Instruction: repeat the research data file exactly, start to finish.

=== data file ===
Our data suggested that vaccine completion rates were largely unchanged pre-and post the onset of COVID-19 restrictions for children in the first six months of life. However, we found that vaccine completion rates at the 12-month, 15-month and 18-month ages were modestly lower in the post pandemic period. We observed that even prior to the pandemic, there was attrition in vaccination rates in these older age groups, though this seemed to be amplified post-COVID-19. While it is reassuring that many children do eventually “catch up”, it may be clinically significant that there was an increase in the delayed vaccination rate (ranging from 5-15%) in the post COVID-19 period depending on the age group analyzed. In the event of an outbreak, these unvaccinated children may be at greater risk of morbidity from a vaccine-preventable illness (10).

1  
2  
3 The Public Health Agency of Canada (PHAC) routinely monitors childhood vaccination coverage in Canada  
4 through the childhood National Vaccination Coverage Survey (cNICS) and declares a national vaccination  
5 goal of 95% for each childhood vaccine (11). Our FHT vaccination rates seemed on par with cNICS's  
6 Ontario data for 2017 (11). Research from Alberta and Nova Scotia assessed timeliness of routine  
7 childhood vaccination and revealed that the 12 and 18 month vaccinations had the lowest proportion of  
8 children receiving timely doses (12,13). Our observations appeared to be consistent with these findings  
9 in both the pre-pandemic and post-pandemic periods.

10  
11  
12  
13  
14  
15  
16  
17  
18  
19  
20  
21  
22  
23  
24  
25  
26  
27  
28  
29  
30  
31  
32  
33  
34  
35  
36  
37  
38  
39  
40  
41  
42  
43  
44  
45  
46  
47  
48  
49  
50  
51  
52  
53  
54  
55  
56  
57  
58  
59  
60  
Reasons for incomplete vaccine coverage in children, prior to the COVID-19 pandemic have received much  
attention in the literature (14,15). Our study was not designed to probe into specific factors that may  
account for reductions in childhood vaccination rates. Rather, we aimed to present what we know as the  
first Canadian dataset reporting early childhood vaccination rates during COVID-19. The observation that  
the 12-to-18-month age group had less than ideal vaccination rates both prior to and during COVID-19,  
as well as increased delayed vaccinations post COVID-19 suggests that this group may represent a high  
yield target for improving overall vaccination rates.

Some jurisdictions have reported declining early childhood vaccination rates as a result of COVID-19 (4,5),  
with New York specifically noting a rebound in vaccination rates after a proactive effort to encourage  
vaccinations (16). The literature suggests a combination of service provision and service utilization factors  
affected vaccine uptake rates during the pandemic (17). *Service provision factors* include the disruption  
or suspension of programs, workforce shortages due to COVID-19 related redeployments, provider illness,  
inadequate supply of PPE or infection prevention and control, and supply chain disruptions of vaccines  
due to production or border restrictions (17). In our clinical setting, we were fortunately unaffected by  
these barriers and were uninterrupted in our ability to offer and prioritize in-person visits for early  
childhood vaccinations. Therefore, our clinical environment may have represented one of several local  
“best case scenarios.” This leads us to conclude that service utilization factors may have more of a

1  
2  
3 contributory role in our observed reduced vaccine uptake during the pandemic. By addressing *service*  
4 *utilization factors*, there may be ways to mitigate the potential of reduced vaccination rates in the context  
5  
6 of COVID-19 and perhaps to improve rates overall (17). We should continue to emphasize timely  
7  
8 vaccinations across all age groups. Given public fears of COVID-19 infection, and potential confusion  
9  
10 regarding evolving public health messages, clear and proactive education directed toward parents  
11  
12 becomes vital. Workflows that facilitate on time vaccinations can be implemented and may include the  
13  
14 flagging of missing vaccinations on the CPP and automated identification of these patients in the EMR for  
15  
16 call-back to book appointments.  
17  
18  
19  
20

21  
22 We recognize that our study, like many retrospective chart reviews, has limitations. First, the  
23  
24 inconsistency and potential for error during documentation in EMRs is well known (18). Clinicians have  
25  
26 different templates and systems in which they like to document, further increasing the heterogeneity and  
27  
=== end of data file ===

Our data suggested that vaccine completion rates were largely unchanged pre-and post the onset of COVID-19 restrictions for children in the first six months of life. However, we found that vaccine completion rates at the 12-month, 15-month and 18-month ages were modestly lower in the post pandemic period. We observed that even prior to the pandemic, there was attrition in vaccination rates in these older age groups, though this seemed to be amplified post-COVID-19. While it is reassuring that many children do eventually “catch up”, it may be clinically significant that there was an increase in the delayed vaccination rate (ranging from 5-15%) in the post COVID-19 period depending on the age group analyzed. In the event of an outbreak, these unvaccinated children may be at greater risk of morbidity from a vaccine-preventable illness (10).

1  
2  
3 The Public Health Agency of Canada (PHAC) routinely monitors childhood vaccination coverage in Canada  
4 through the childhood National Vaccination Coverage Survey (cNICS) and declares a national vaccination  
5 goal of 95% for each childhood vaccine (11). Our FHT vaccination rates seemed on par with cNICS's  
6 Ontario data for 2017 (11). Research from Alberta and Nova Scotia assessed timeliness of routine  
7 childhood vaccination and revealed that the 12 and 18 month vaccinations had the lowest proportion of  
8 children receiving timely doses (12,13). Our observations appeared to be consistent with these findings  
9 in both the pre-pandemic and post-pandemic periods.

10  
11  
12  
13  
14  
15  
16  
17  
18  
19  
20  
21  
22  
23  
24  
25  
26  
27  
28  
29  
30  
31  
32  
33  
34  
35  
36  
37  
38  
39  
40  
41  
42  
43  
44  
45  
46  
47  
48  
49  
50  
51  
52  
53  
54  
55  
56  
57  
58  
59  
60  
Reasons for incomplete vaccine coverage in children, prior to the COVID-19 pandemic have received much  
attention in the literature (14,15). Our study was not designed to probe into specific factors that may  
account for reductions in childhood vaccination rates. Rather, we aimed to present what we know as the  
first Canadian dataset reporting early childhood vaccination rates during COVID-19. The observation that  
the 12-to-18-month age group had less than ideal vaccination rates both prior to and during COVID-19,  
as well as increased delayed vaccinations post COVID-19 suggests that this group may represent a high  
yield target for improving overall vaccination rates.

Some jurisdictions have reported declining early childhood vaccination rates as a result of COVID-19 (4,5),  
with New York specifically noting a rebound in vaccination rates after a proactive effort to encourage  
vaccinations (16). The literature suggests a combination of service provision and service utilization factors  
affected vaccine uptake rates during the pandemic (17). *Service provision factors* include the disruption  
or suspension of programs, workforce shortages due to COVID-19 related redeployments, provider illness,  
inadequate supply of PPE or infection prevention and control, and supply chain disruptions of vaccines  
due to production or border restrictions (17). In our clinical setting, we were fortunately unaffected by  
these barriers and were uninterrupted in our ability to offer and prioritize in-person visits for early  
childhood vaccinations. Therefore, our clinical environment may have represented one of several local  
“best case scenarios.” This leads us to conclude that service utilization factors may have more of a

1  
2  
3 contributory role in our observed reduced vaccine uptake during the pandemic. By addressing *service*  
4 *utilization factors*, there may be ways to mitigate the potential of reduced vaccination rates in the context  
5  
6 of COVID-19 and perhaps to improve rates overall (17). We should continue to emphasize timely  
7  
8 vaccinations across all age groups. Given public fears of COVID-19 infection, and potential confusion  
9  
10 regarding evolving public health messages, clear and proactive education directed toward parents  
11  
12 becomes vital. Workflows that facilitate on time vaccinations can be implemented and may include the  
13  
14 flagging of missing vaccinations on the CPP and automated identification of these patients in the EMR for  
15  
16 call-back to book appointments.  
17  
18  
19  
20

21  
22 We recognize that our study, like many retrospective chart reviews, has limitations. First, the  
23  
24 inconsistency and potential for error during documentation in EMRs is well known (18). Clinicians have  
25  
26 different templates and systems in which they like to document, further increasing the heterogeneity and  
27  